Mike Stanley doesn’t think we necessarily need to find that extra $700 million to $1 billion to fund the Green Line extension into Medford and Somerville.
Wouldn’t it be more convenient, he says, to build a cheaper network of on-demand private pods that you can ride along an elevated track?
He doesn’t think it’s a pod-in-the-sky dream. He and founders of a number of other companies insist “personal rapid transit” is the key to reducing congestion and improving transportation.
Stanley wants to build a 7.4-mile loop of overhead tracks around Cambridge and Somerville. Then, he says, you could hop into a lightweight, automated pod suspended above the street, and ride it nonstop to your destination along the track.
His startup, TransitX, has little funding besides friends and family. But he thinks he can raise enough money to build a system extending into Boston, Cambridge, and Somerville, at the estimated cost of $10 million a mile.
Stanley, who would try to underwrite the project entirely with private funds, says it would cost about $120 million for the loop around Somerville and Cambridge, which he thinks would make more financial sense than the Green Line extension. He doesn’t have a prototype ready, but is hoping to raise money for a local test track.
He’s not the only one pushing similar concepts. Just last month, a Minnesota company called JPods was talking with Boston officials about its personal rapid transit system.
Some politicians think it could be a good idea. State Senator Robert L. Hedlund, a Republican from Weymouth, introduced legislation that would allow such systems to be used in the state.
Personal rapid transit has been around for a while, but completed projects are few and far between. Morgantown, W.Va., home to West Virginia University, has the only one in the United States — and that was built in 1975 with funding from the Federal Transit Administration.
While an elevated-track system costs significantly less than a light rail or a subway line, the costs for a network serving a major city would still easily be in the hundreds of millions of dollars, officials say.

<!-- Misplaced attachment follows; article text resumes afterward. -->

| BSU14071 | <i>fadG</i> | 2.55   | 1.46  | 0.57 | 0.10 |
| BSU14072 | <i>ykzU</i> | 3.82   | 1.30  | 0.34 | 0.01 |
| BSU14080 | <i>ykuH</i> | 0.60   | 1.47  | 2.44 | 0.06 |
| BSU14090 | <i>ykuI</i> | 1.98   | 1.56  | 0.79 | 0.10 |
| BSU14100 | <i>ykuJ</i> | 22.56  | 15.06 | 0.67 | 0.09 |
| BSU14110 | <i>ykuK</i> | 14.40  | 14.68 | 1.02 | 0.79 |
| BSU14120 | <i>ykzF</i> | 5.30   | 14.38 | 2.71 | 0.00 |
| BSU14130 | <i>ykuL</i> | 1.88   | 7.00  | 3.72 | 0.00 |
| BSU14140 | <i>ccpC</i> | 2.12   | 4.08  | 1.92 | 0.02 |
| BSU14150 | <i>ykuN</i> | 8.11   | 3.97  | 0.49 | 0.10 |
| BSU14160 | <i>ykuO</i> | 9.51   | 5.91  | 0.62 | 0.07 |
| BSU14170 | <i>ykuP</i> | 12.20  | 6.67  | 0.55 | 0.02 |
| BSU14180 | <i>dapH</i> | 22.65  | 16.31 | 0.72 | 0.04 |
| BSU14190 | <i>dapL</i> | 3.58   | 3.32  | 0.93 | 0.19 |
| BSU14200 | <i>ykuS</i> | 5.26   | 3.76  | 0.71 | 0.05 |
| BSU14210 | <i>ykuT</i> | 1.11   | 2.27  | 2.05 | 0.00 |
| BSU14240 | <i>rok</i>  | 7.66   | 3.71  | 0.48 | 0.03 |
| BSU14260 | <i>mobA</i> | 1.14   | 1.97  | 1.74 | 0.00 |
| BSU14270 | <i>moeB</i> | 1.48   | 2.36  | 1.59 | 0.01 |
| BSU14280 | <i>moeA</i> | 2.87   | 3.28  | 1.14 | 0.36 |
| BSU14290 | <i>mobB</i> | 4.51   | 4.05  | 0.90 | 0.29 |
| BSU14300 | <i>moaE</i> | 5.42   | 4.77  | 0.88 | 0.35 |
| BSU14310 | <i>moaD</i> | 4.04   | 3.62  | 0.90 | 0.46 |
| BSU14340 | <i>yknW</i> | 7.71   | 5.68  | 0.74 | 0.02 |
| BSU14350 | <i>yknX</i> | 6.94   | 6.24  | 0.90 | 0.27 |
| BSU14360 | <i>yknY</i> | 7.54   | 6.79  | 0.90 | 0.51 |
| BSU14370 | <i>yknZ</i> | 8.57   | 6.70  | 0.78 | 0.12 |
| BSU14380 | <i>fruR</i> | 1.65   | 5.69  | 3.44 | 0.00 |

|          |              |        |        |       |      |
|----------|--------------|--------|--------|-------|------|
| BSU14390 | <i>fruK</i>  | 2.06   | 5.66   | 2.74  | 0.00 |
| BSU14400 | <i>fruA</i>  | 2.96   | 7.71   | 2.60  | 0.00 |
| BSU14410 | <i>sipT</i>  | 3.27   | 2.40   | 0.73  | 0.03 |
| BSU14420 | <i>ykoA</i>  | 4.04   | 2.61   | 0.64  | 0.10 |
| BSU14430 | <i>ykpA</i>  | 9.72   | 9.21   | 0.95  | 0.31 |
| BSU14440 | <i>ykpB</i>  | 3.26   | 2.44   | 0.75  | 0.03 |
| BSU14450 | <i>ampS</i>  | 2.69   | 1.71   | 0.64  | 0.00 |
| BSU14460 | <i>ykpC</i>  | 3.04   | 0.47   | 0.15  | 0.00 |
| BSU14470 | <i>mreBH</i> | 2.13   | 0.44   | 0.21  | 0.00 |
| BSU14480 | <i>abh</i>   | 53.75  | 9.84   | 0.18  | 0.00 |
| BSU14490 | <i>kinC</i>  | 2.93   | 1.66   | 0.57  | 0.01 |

Mike Lester, chief executive of a Minnesota-based personal rapid transit company called Taxi2000, says he thinks cities are just afraid of being the first to install massive infrastructure for a little-known technology. He said he believes the systems are on the verge of taking off.
“It used to be, ‘That’s for the future,’ ” he said. “Well, the future is right now.”
T launches recycling effort
The MBTA wants you to recycle — and it wants companies to use its big recycling kiosks to advertise their wares.
Starting last week, patrons traveling through the Red Line’s Alewife Station are faced with two 7-foot-tall kiosks made out of — you guessed it — recycled materials. Almost 3,000 plastic jugs went into making the kiosks, according to Tim Lasker, the T’s sustainability specialist.
T officials made a big show of the new initiative involving MassRecycle, the Massachusetts Beverage Association, and Casella Recycling. Frank DePaola, the agency’s interim general manager, and Cambridge Mayor David Maher joined representatives from the T’s recycling partners Wednesday to unveil the new receptacles.
T officials are hoping the big kiosks will encourage riders to discard their plastic bottles and scrap paper responsibly.
Lasker said the project has been nine months in the making, and is long overdue.
“It’s just the right thing to do,” he said.
The T must pay trash collectors more for removing recyclables from the agency’s stations. But Lasker believes the kiosks will help pay for those extra costs — and maybe even generate revenue for the T — if companies start buying ad space on them.
Until companies take up those spaces for their ads, the kiosks will feature fun facts about recycling.
For example, did you know that recycling one aluminum can will save enough energy to listen to a full album on whatever device you use to listen to music?